On Tuesday, Harold Henderson, the arbitrator hearing Ezekiel Elliott’s appeal, upheld the NFL’s six-game suspension of the star Cowboys running back. Based on the timing of the announcement, however, Elliott would be allowed to play against the Giants in Week 1 but would then miss games against the Broncos, Cardinals, Rams, Packers, 49ers, and Redskins before a Week 9 return against the Chiefs.

But this saga is likely far from over.

“Basically what (Henderson) says is, ‘Listen, it’s not my job to decide whether Goodell was right or not to suspend him or whether it was right or not to suspend him for six games. My only job is to decide whether his decision was arbitrary and capricious, which means did he have enough evidence to make the decision?’” CBS Sports Radio legal analyst Amy Dash said on CBS Sports Radio’s Ferrall on the Bench. “And he felt there was enough evidence on the record to support him making a decision to suspend, and he also felt it was within his power to do it and he followed all of the procedures laid out by Article 46.”



The NFLPA, though, will not go quietly into the night.

“The NFLPA is fighting again,” Dash said. “They’re vowing to fight all the way until there’s no suspension for Ezekiel Elliott. So they filed the lawsuit, and now we’re waiting for the judge to make a decision. If they lose, that’s it. He’s got to serve the six-game suspension because he lost his appeal.”

As Dash explained, courts do not like to overturn arbitrations.

“If the league is going to bargain for this and the union agrees to give the power to Roger Goodell, then (courts) like to respect that,” Dash said. “They like to keep arbitrations over in the settlement field and away from the court system, so they don’t like to disturb them. But they will overturn them if they feel that they’re unfair, if they feel that there’s a procedural problem with them, and I think that Ezekiel Elliott has a really strong case in that respect.”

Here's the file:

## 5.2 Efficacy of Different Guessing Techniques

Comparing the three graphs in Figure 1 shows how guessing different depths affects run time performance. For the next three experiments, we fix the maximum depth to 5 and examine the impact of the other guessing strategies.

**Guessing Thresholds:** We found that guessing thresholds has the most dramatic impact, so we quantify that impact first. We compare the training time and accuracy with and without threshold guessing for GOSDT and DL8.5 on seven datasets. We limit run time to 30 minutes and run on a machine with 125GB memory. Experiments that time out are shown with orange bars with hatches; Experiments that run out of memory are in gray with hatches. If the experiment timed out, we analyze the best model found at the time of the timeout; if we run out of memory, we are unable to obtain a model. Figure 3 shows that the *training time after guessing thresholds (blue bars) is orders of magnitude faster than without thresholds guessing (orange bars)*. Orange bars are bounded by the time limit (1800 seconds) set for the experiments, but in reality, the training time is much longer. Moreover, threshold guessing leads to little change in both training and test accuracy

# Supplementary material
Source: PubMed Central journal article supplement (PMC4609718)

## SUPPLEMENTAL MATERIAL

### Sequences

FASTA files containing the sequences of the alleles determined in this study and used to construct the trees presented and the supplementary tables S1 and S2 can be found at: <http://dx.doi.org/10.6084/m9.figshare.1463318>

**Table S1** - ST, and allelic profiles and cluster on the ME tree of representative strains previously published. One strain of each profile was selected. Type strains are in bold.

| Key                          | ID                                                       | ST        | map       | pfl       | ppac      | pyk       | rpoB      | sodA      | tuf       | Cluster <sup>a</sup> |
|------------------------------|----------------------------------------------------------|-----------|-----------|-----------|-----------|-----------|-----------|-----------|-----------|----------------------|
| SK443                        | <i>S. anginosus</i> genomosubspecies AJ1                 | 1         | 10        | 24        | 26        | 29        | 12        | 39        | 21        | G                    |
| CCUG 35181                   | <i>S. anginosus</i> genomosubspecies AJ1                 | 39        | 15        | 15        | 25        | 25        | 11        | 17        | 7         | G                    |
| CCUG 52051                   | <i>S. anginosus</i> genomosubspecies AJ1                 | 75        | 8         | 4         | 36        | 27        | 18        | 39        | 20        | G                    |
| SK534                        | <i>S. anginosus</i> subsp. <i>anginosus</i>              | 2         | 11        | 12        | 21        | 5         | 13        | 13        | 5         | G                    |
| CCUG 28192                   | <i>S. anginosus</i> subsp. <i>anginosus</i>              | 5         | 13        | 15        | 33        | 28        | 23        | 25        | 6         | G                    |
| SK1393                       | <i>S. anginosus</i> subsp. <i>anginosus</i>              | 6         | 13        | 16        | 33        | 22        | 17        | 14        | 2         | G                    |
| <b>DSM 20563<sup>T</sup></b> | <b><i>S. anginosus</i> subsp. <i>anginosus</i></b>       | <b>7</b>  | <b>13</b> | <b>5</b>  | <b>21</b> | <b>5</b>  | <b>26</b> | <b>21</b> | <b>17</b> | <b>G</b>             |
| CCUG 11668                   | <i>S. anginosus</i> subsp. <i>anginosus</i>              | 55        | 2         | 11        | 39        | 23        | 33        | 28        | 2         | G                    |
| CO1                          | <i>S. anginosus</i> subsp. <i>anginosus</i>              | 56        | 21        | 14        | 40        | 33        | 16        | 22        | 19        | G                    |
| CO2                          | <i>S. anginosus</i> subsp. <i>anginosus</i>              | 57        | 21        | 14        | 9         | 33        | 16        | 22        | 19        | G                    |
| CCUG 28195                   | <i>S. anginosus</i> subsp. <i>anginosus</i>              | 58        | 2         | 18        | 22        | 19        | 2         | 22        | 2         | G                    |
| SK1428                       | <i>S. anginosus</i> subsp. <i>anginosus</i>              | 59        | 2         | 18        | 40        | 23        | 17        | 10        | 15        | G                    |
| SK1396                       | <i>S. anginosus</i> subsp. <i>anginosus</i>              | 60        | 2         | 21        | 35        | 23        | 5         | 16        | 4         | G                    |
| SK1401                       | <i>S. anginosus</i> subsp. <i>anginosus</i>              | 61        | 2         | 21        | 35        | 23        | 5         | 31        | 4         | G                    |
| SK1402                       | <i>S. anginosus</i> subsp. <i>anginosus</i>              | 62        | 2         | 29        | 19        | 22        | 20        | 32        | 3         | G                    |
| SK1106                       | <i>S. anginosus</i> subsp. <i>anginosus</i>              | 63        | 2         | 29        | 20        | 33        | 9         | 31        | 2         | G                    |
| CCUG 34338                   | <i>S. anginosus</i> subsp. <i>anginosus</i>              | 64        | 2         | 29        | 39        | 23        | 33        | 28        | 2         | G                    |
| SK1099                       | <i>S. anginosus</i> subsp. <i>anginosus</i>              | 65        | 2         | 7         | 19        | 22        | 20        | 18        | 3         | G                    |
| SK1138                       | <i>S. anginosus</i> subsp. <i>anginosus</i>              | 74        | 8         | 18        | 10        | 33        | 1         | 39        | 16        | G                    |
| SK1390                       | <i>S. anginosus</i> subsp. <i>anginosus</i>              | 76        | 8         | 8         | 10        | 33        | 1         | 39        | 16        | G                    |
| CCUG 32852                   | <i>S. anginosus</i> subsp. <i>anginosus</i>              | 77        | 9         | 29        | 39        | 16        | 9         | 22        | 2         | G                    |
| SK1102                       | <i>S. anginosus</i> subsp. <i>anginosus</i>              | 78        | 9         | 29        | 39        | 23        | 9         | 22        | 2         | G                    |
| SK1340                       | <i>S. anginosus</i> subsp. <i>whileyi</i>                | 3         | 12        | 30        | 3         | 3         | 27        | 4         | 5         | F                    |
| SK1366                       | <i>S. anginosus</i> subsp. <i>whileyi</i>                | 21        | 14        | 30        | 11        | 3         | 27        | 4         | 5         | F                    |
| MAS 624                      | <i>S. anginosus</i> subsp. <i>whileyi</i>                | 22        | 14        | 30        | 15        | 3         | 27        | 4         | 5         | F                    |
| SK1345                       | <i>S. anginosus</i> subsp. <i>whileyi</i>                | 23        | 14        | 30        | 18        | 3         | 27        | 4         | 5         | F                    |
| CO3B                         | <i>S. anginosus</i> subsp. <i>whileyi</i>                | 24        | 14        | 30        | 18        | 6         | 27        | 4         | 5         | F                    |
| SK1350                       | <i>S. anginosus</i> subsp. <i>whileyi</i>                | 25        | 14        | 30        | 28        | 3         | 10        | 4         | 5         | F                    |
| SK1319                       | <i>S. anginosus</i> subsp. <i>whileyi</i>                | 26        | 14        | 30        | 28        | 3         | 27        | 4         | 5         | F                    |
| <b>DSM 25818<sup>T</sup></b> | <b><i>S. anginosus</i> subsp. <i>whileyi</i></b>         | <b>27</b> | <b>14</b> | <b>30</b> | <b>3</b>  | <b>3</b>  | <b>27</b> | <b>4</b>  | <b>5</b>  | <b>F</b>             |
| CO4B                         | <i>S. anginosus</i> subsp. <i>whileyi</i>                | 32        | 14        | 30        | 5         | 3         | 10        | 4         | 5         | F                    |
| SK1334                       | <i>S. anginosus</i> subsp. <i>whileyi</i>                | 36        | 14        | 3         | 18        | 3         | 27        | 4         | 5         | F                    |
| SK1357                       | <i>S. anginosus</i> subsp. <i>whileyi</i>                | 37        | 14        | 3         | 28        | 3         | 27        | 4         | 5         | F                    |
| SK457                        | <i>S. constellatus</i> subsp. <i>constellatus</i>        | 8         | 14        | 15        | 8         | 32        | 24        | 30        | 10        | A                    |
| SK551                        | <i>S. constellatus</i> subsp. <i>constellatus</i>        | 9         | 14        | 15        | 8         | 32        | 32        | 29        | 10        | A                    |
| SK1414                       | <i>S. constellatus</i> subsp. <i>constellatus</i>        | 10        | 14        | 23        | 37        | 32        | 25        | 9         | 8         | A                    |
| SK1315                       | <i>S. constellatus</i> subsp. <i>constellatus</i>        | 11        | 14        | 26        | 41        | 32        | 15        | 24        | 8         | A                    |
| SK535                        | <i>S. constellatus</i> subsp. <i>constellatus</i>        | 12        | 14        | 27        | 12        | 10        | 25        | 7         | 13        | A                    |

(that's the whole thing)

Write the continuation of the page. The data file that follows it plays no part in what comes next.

There are many reasons for this.

“First of all, there’s this allegation that the league hid a conclusion by one of its lead investigators (Kia Roberts) who felt that there shouldn’t be a suspension,” Dash said. “Harold Henderson wouldn’t allow Ezekiel Elliott’s camp to get access to Kia’s investigative notes for some of her interviews with Tiffany Thompson, the accuser, and they wouldn’t allow Ezekiel Elliott to cross-examine Tiffany Thompson. She wasn’t a part of his appeal hearing, and he also couldn’t question Roger Goodell in the appeal hearing. So for those reasons, the NFLPA is saying it was an unfair arbitration procedurally, and I think they have a really good case far stronger than Tom Brady’s case.”

Overall, Dash has mixed feelings about the suspension.

“You walk away feeling like the girl was the victim of domestic abuse, but you’re not sure whether Ezekiel Elliott did it,” she said. “At the end of the day, there’s a he-said, she-said because there’s no direct evidence linking him to her injuries. She provides pictures of injuries. She has text messages where she’s talking about things that he allegedly did to her. But there’s so many people that just refused to speak to the NFL. There’s a lot of holes in the investigation. . . . (Elliott is) going to play (Week 1), and then if he loses in court, then the suspension is going to take effect and he’s going to have to sit for six games. But if he wins, then they’re going to do the whole long, Brady-style lawsuit and we don’t know when he will serve the suspension, or if he even will.”

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